• Wealth Management

Keep an Eye on Shifting Fed Policy

Markets have stabilized recently in part because the Fed has gotten more dovish. It may not stay that way.

The U.S. stock market is up 8% so far this year, down from the highs of 2018, but recovering from the selloff in December, in part because of the Federal Reserve’s more benign policy outlook.

In December, as the market sold off, the Fed indicated that it would likely continue to raise interest rates, a position it started to temper in January.

Now, the Fed not only has paused rate hikes, but may also scale back its plan to shrink its balance sheet (which also had the potential to nudge rates higher).

Rising interest rates raise the cost of borrowing, which tends to tighten financial conditions for companies—often translating into more volatility in the stock market. While the Fed’s two main goals are to keep prices stable and employment high, it is increasingly clear to me that it seems to have a third (unofficial) mandate to maintain financial stability.

What’s Next?

The key point for investors is that, while the Fed said it was going to “pause” on rate hikes, the market heard “stop.” Most investors don’t expect the Fed to hike again this year. Expectations for further rate increases, as measured in the futures market, have fallen to near zero through the middle of 2020.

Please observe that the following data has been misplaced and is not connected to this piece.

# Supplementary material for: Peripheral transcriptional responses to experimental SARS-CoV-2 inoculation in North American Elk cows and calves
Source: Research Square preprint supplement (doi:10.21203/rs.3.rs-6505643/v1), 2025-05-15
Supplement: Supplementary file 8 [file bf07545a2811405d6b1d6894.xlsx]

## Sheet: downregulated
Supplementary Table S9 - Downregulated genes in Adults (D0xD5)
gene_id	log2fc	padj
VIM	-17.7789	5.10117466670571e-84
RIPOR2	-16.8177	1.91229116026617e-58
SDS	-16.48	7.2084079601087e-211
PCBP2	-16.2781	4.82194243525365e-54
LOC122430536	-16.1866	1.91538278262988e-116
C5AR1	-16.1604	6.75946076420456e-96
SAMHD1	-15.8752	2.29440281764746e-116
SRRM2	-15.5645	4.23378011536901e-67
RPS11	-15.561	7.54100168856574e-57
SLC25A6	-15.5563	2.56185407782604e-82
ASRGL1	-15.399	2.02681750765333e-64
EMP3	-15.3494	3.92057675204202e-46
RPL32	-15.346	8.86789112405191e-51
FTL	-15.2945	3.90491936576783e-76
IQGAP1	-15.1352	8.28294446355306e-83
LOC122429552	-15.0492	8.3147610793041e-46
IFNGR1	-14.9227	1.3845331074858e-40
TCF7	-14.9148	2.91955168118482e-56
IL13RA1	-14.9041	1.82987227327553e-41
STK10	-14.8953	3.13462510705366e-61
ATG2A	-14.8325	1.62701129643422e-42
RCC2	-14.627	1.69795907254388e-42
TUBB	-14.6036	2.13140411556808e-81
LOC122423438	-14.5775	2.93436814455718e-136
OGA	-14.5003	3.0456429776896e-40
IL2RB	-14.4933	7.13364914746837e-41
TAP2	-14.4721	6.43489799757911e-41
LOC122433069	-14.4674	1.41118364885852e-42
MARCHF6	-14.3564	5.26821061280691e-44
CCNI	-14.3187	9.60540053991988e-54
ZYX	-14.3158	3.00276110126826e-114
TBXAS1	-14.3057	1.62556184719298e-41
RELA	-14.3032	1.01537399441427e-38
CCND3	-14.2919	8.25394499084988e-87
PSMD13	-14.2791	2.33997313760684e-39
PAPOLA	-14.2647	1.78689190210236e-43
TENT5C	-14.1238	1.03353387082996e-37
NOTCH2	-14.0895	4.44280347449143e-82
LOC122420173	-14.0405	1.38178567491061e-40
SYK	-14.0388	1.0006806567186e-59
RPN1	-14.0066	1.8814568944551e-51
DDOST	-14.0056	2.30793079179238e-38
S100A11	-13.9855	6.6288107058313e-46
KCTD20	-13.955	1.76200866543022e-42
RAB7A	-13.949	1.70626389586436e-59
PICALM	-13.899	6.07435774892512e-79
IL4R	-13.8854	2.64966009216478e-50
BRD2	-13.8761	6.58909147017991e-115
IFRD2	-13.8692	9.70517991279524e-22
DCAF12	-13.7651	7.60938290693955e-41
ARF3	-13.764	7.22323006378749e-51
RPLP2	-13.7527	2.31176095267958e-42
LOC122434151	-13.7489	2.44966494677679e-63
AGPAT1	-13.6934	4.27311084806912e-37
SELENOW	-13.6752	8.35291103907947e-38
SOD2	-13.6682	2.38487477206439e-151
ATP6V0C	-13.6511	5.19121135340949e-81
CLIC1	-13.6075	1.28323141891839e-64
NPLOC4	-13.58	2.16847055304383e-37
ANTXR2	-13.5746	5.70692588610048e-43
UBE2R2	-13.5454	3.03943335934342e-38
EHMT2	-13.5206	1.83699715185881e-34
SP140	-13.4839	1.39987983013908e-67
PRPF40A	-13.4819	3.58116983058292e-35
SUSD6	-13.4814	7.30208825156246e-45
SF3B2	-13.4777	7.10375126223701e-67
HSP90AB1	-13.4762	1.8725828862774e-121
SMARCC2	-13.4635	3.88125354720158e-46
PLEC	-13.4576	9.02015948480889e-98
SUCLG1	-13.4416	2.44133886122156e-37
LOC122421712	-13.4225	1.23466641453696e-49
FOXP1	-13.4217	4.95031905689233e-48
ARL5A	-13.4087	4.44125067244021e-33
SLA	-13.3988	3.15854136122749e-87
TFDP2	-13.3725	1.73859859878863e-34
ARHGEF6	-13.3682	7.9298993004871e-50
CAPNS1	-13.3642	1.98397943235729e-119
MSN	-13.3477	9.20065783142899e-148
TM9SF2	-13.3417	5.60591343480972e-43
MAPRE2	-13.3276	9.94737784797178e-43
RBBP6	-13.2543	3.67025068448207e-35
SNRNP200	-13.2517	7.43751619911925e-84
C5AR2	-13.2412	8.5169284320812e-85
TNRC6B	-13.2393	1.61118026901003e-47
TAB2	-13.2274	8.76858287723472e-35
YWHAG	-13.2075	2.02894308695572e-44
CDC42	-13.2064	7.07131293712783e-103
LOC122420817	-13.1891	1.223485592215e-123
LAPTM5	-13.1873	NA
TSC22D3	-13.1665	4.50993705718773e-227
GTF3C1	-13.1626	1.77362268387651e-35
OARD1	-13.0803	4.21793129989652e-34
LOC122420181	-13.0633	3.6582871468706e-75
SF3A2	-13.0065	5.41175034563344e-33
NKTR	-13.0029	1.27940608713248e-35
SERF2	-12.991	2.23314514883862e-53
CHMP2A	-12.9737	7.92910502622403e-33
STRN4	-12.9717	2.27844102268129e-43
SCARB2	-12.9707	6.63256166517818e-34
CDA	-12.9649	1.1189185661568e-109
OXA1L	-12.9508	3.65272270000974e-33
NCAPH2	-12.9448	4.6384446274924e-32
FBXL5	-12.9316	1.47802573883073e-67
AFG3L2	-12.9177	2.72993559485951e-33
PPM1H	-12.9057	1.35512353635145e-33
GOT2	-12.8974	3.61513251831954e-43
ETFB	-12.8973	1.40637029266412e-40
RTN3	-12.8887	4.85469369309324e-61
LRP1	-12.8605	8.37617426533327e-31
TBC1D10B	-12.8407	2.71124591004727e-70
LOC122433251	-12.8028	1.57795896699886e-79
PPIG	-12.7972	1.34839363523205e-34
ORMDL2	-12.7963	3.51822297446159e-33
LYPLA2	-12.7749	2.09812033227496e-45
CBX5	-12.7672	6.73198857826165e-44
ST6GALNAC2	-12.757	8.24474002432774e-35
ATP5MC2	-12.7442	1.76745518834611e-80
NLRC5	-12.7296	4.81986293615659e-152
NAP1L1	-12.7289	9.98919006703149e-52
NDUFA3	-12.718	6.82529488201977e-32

However, the Fed could easily shift back to a more hawkish policy tilt later this year. I expect decent U.S. economic growth to continue, and inflation may even perk up—thanks to the strong job market. That would give policymakers a reason to raise rates, potentially as early as their June meeting and again in December. The Fed doesn’t necessarily want to slow growth, but it would like to get interest rates, still historically low, to a more normal level before we reach the end of the current business cycle.

Bottom Line: Investors should be prepared for market volatility to return if the Fed starts to signal that it may resume raising interest rates.